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I’m a tech expert. These dumb mistakes we’re all guilty of kill your expensive devices


You wouldn’t buy a nice car and skip oil changes. So why do we treat our technology so badly?

If you want your expensive phone, computer, and everything else to last, keep reading.

1. You’re always plugged in

Don’t get into the (bad) habit of plugging in your phone when the battery isn’t full.

Apple says battery health can be affected when your iPhone “left(s) fully charged for long periods of time.”

The same advice goes for Androids. Samsung says not to leave your phone connected to the charger for long periods or overnight.

Are you charging your phone incorrectly?

Huawei says, “Keeping your battery level as close to the middle (30%-70%) as possible can effectively extend battery life.

The official word is to keep your phone charged, but not fully charged all the time.

The good news is that most devices are smart enough to only start charging again once they reach a certain battery level.

But unplug your devices once they are fully charged.

2. You wait too long to charge your laptop

If you frequently let your laptop battery run out of juice, it decreases its expected lifespan. Like phones, laptop batteries are only meant to be charged a certain number of times.

Your laptop battery can also lose its efficiency in other ways. Say you regularly charge your laptop 30-50%, or about 20% each time.

Do this five times and you will have completed a battery cycle because you will have charged your laptop to 100%.

A good rule of thumb? Keep your battery charged to at least 40% most of the time.

If you frequently let your laptop battery run out of juice, it decreases its expected lifespan

If you frequently let your laptop battery run out of juice, it decreases its expected lifespan

Pro tip: Don’t always leave your laptop connected to a charging cord, either. It can also reduce battery life.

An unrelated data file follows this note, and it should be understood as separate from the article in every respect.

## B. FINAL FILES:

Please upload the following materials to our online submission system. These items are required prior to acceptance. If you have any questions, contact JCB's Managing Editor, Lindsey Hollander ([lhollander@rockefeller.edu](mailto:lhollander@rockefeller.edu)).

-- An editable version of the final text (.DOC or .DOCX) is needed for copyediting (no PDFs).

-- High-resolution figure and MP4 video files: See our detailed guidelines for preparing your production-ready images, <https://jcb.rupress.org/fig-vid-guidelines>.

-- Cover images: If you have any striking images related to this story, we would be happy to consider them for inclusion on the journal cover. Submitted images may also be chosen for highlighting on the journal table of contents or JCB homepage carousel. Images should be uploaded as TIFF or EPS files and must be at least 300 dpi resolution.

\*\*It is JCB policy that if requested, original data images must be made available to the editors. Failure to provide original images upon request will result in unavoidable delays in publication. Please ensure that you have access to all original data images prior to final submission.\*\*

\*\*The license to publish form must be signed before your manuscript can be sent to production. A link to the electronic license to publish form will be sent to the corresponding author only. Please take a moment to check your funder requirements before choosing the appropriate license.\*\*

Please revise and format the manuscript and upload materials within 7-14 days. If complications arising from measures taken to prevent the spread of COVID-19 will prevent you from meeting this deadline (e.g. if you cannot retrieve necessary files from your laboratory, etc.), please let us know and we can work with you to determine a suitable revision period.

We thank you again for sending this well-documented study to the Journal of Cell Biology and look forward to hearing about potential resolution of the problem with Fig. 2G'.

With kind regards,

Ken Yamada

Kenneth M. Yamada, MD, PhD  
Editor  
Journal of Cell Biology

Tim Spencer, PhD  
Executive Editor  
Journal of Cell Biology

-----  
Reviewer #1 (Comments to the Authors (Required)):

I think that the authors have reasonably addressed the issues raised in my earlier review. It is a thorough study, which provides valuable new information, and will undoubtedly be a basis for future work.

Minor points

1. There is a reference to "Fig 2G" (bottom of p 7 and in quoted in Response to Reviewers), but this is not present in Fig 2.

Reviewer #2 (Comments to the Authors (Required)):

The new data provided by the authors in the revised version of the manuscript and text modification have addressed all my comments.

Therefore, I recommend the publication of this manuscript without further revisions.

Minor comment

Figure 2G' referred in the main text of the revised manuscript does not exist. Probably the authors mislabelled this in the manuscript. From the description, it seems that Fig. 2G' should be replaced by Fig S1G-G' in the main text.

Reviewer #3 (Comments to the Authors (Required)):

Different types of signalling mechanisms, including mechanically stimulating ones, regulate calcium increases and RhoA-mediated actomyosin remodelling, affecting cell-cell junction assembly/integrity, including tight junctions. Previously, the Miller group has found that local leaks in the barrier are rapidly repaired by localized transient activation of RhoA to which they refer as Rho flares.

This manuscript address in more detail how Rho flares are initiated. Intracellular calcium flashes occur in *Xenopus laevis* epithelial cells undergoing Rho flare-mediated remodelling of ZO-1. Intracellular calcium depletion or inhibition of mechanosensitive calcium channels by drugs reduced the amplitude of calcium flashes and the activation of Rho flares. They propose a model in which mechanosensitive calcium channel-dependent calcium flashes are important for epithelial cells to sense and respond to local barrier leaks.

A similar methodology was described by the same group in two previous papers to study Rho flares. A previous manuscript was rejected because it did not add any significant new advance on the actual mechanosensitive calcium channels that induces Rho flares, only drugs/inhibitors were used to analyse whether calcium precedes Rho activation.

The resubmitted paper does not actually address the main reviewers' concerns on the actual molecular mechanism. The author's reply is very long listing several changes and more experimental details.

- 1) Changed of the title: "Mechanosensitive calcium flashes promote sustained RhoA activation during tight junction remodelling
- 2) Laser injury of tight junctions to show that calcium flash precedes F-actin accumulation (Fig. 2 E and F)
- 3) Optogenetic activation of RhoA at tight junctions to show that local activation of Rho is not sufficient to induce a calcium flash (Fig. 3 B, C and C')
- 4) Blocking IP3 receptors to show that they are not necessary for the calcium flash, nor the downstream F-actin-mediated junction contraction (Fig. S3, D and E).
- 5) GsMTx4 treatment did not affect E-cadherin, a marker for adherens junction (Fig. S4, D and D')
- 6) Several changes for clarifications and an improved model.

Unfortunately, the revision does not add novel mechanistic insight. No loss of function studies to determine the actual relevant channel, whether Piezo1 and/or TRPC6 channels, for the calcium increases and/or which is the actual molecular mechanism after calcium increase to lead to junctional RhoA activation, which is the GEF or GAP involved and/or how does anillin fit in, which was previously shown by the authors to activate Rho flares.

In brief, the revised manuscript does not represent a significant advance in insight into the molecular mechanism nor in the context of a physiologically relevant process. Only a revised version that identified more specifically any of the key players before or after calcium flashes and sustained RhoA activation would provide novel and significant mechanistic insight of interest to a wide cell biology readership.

Want to know how your laptop battery is doing? This tip tells you when you might need to replace it. check it out here.

3. You are superficial

Wiping fingerprints off your screen isn’t enough.

Dirt, dust, and other grime can accumulate in ports, speakers, and other small crevices on almost all of our everyday devices. Don’t just ignore the mess – clean it up the right way.

You might be tempted to reach for a toothpick or cotton swab since you have them handy. Be careful.

The fragile ends of toothpicks can break into your electronics or even damage small speakers. Cotton swabs often leave behind hard-to-remove lint.

follow this smart plan to clean your phone inside and out.

4. Your phone is getting too much sun

Most smartphones are rugged. Yours can probably withstand dust and a little water. One thing it’s not designed for is sweltering temperatures.

Leaving your phone in a hot car or in the sun can cause serious damage. The battery could overheat and you could even lose or corrupt your data.

Extremely cold temperatures are also harsh. Lithium-ion batteries can stop discharging electricity in freezing temperatures.

This can shorten your battery life, cause display issues, and even crack the screen glass. Ouch!

Don't leave your wifi router open to hackers

Don’t leave your wifi router open to hackers

5. Your router is wide open

You’d be surprised how many people have never changed their router’s default password. Wrong move.

Of course, someone can more Easily mooch your Wi-Fi, but a particularly malicious hacker can use your network to attack your gadgets. They might even download dangerous files or visit illegal websites through your router.

First step: create an original password that is difficult to decipher. You can change this on your router’s administration page. Need help? here’s how.

While you’re there, search for “Remote Administration”. This allows you to connect to your router over the internet and manage it.

If you’ve ever called tech support, you might have experienced something similar: a technician talks to you on the phone, then uses your computer as if it’s sitting right next to you.

Remote administration is a handy tool, especially when troubleshooting a problem, but it makes your computer vulnerable to hackers.

Unless you need it, disable this feature. You can find it in your router settings, usually under “Remote Administration”.

You can always turn it back on when needed. The last thing you need is to invite strangers to your home network.

Kim Komando hosts a weekly phone show where she gives tips on tech gadgets, websites, smartphone apps, and internet security.

Listen to over 425 radio stations or get the podcast. And join over 400,000 people who get its free daily 5-minute e-newsletter.

The author of what'snew2day.com is dedicated to keeping you up-to-date on the latest news and information.

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